Stanford University’s business school has received a $150-million gift to establish an institute that will help entrepreneurs in developing countries build their businesses.
The money came from Robert King, a partner at the investment firm Peninsula Capital, in Menlo Park, Calif., and his wife, Dorothy, who hope the donation will help curb poverty in the world’s hardest-hit regions.
The gift will start the Institute for Innovation in Developing Economies, which will conduct research on entrepreneurship and then teach people how to apply the findings. As part of the agreement, the university must raise $50-million more from other sources.
Mr. King is an alumnus of the Stanford Graduate School of Business.
The Stanford gift is the fourth biggest private donation announced this year, according to The Chronicle’s tally. All of the biggest donations so far have gone to universities, topped by a $265-million gift to Carnegie Mellon University from the industrialist William S. Dietrich II.
The Kings decided to make the gift because of what they learned over the past 50 years of providing housing to international students who arrived in the United States to attend Stanford.
Kim Jonker, a philanthropy consultant who advises the Kings, says the connections the couple has made through the years have been very personal.
“They’ve loved these students like their own children. You name a country in the world and the Kings have probably hosted someone from that country,” she says. “The Kings have a very deep and heartfelt love for people from the developing world and it’s very much on the top of their minds that there are a billion people living on $1.25 a day, and that was absolutely one of the motivations for creating this institute.”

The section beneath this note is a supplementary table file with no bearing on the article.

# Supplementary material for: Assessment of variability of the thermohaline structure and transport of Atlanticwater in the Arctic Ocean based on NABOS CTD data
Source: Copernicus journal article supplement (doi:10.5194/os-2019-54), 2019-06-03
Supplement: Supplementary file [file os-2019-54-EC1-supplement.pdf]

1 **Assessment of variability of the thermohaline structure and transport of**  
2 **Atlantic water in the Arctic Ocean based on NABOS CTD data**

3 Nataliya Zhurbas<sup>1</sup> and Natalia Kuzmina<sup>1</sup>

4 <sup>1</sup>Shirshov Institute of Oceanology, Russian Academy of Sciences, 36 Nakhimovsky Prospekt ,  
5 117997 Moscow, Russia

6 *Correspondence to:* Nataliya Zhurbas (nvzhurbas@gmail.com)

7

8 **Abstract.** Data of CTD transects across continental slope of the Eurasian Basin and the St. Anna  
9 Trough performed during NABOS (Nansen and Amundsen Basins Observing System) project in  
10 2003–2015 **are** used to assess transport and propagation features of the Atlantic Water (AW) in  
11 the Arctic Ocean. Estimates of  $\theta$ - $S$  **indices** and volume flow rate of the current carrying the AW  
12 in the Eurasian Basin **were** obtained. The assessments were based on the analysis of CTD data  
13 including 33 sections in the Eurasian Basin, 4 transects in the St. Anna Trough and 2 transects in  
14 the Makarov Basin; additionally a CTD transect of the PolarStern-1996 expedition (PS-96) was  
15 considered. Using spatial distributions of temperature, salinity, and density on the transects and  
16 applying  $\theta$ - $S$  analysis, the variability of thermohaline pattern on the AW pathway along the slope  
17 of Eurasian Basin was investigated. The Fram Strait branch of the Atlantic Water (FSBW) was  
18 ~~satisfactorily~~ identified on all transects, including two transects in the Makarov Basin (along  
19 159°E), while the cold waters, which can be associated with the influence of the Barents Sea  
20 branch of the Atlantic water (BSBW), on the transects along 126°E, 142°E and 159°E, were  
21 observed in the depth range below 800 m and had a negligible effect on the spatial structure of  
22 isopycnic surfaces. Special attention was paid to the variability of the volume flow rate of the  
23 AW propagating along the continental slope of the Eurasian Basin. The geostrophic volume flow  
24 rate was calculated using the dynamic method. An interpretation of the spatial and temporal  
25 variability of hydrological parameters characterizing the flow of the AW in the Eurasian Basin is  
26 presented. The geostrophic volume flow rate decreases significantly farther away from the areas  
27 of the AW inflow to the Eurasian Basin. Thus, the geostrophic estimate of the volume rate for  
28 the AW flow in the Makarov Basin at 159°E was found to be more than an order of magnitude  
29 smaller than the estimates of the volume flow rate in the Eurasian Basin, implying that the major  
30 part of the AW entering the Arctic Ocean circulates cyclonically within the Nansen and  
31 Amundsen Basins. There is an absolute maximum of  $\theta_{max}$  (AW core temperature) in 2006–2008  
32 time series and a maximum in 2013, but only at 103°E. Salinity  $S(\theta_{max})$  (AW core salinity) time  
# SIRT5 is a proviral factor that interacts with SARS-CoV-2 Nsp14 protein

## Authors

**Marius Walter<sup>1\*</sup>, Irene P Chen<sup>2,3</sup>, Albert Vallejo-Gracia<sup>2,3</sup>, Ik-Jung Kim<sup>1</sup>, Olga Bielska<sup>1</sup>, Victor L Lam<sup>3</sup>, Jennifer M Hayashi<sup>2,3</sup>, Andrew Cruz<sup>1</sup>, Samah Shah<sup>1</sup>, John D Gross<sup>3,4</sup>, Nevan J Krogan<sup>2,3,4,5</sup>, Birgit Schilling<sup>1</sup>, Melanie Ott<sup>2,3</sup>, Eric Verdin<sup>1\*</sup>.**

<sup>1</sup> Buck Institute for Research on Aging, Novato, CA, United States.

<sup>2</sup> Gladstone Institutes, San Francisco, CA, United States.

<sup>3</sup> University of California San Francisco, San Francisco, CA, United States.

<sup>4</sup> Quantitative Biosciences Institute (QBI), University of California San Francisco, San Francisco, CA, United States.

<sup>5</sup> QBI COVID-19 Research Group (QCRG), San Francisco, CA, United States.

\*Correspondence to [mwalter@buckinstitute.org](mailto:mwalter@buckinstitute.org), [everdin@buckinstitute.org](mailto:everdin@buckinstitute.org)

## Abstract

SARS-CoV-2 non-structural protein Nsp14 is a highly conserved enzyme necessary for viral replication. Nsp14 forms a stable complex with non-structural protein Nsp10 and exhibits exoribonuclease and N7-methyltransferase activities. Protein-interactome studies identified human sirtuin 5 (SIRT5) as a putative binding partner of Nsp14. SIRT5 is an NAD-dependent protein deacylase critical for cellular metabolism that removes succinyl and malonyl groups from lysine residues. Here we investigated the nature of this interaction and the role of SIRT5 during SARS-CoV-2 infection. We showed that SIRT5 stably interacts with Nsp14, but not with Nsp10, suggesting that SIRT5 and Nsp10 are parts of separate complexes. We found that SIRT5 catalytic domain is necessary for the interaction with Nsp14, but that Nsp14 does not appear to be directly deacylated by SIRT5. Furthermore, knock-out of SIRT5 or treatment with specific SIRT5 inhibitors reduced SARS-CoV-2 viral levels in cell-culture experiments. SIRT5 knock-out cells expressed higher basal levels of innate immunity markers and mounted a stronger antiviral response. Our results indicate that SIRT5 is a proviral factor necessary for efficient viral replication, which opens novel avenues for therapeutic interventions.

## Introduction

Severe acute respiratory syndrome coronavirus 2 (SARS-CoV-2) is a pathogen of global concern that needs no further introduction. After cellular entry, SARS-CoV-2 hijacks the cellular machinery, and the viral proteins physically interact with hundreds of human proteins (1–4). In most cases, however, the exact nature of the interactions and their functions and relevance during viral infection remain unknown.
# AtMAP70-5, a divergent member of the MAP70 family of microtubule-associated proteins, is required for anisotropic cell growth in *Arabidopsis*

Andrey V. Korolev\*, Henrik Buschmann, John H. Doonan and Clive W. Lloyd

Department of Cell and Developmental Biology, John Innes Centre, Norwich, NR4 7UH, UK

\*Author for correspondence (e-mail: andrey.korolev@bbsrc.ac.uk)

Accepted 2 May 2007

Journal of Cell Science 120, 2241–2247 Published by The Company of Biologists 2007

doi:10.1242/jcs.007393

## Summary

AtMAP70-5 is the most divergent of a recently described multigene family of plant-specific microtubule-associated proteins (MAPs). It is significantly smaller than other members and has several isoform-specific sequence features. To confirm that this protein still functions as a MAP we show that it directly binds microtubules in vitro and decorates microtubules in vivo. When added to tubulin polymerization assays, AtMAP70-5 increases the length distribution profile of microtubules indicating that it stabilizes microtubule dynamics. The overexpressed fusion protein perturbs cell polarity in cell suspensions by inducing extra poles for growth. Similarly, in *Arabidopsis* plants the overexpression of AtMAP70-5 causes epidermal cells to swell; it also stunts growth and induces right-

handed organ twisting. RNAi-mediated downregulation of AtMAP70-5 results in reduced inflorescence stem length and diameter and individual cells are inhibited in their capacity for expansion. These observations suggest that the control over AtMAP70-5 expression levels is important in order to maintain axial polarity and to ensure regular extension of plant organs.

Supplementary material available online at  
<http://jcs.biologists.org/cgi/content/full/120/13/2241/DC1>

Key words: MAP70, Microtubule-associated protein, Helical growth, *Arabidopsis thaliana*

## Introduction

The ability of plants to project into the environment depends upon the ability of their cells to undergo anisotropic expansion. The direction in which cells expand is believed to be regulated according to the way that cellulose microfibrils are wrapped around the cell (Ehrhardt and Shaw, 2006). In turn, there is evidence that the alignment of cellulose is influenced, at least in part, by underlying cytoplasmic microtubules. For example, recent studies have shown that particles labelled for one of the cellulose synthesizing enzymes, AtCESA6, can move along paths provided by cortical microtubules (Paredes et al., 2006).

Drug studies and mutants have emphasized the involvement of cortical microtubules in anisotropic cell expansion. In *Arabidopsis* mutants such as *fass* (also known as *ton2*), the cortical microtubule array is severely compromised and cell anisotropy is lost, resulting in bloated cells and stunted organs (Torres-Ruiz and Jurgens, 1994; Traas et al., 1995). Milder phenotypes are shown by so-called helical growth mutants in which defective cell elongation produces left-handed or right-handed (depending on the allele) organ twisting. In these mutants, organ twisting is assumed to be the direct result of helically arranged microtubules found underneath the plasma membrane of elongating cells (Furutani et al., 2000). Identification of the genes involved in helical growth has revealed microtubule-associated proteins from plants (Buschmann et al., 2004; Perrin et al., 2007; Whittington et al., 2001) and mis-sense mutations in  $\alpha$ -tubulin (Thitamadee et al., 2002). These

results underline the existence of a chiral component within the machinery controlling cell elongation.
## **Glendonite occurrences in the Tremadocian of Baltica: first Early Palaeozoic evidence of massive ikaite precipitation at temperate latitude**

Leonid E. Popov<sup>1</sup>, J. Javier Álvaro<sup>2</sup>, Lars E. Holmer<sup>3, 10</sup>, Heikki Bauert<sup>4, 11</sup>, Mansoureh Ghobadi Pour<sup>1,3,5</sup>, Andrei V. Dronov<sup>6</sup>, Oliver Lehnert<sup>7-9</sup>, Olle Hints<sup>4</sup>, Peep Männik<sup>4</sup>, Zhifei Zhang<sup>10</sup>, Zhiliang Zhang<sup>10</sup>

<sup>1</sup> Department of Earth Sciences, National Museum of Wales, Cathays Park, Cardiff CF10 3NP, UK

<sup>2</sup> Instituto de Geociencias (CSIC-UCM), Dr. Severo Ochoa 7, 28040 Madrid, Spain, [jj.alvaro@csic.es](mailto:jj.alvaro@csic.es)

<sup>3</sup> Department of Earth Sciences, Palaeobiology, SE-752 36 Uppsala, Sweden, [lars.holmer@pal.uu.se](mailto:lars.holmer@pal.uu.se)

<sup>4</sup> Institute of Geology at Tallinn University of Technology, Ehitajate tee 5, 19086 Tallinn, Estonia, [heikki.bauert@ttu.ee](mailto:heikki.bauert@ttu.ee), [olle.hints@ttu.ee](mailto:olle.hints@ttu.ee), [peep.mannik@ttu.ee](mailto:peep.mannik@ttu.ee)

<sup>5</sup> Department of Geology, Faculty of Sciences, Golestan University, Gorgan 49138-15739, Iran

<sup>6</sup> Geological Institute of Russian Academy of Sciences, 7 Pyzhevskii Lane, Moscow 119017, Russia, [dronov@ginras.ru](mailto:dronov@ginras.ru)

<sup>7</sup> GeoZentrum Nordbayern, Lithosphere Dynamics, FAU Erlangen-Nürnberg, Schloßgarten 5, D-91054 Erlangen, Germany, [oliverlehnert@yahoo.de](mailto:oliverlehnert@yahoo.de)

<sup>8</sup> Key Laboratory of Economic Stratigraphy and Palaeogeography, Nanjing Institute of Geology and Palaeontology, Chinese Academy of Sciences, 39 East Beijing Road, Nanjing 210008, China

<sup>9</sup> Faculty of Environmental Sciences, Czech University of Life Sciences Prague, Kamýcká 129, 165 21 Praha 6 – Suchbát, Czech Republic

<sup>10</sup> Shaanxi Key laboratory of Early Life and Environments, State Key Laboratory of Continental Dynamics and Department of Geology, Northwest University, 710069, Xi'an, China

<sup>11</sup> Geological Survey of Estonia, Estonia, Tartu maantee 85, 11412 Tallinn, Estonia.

One student they hosted, Xiangmin Cui, who earned a doctorate from Stanford in 1997, led Mr. King to invest in a friend’s venture to start a Chinese-language search engine. The company, now known as Baidu, made its debut on the Nasdaq Stock Market in 2005 and is now the leading search engine in China with a value of more than $15-billion.
Another student, Andreata Muforo, who came from Zimbabwe to attend Stanford’s business school, brought friends from a study trip to Africa to dine at home with the Kings. After the Kings heard about students returning to Africa for internships, the idea for the institute began to take shape. Over the past eight to ten months, the Kings met with Garth Saloner, the dean of the business school, to discuss their vision of what the institute’s mission would be.
In 1995, the Kings founded their own charity, the Thrive Foundation for Youth, which works with social scientists and nonprofit leaders to promote research and approaches that help parents, teachers, and mentors improve their skills. Ms. Jonker says the Stanford gift mirrors the approach they used to create Thrive by focusing on producing research and then helping people apply the findings to improving their lives.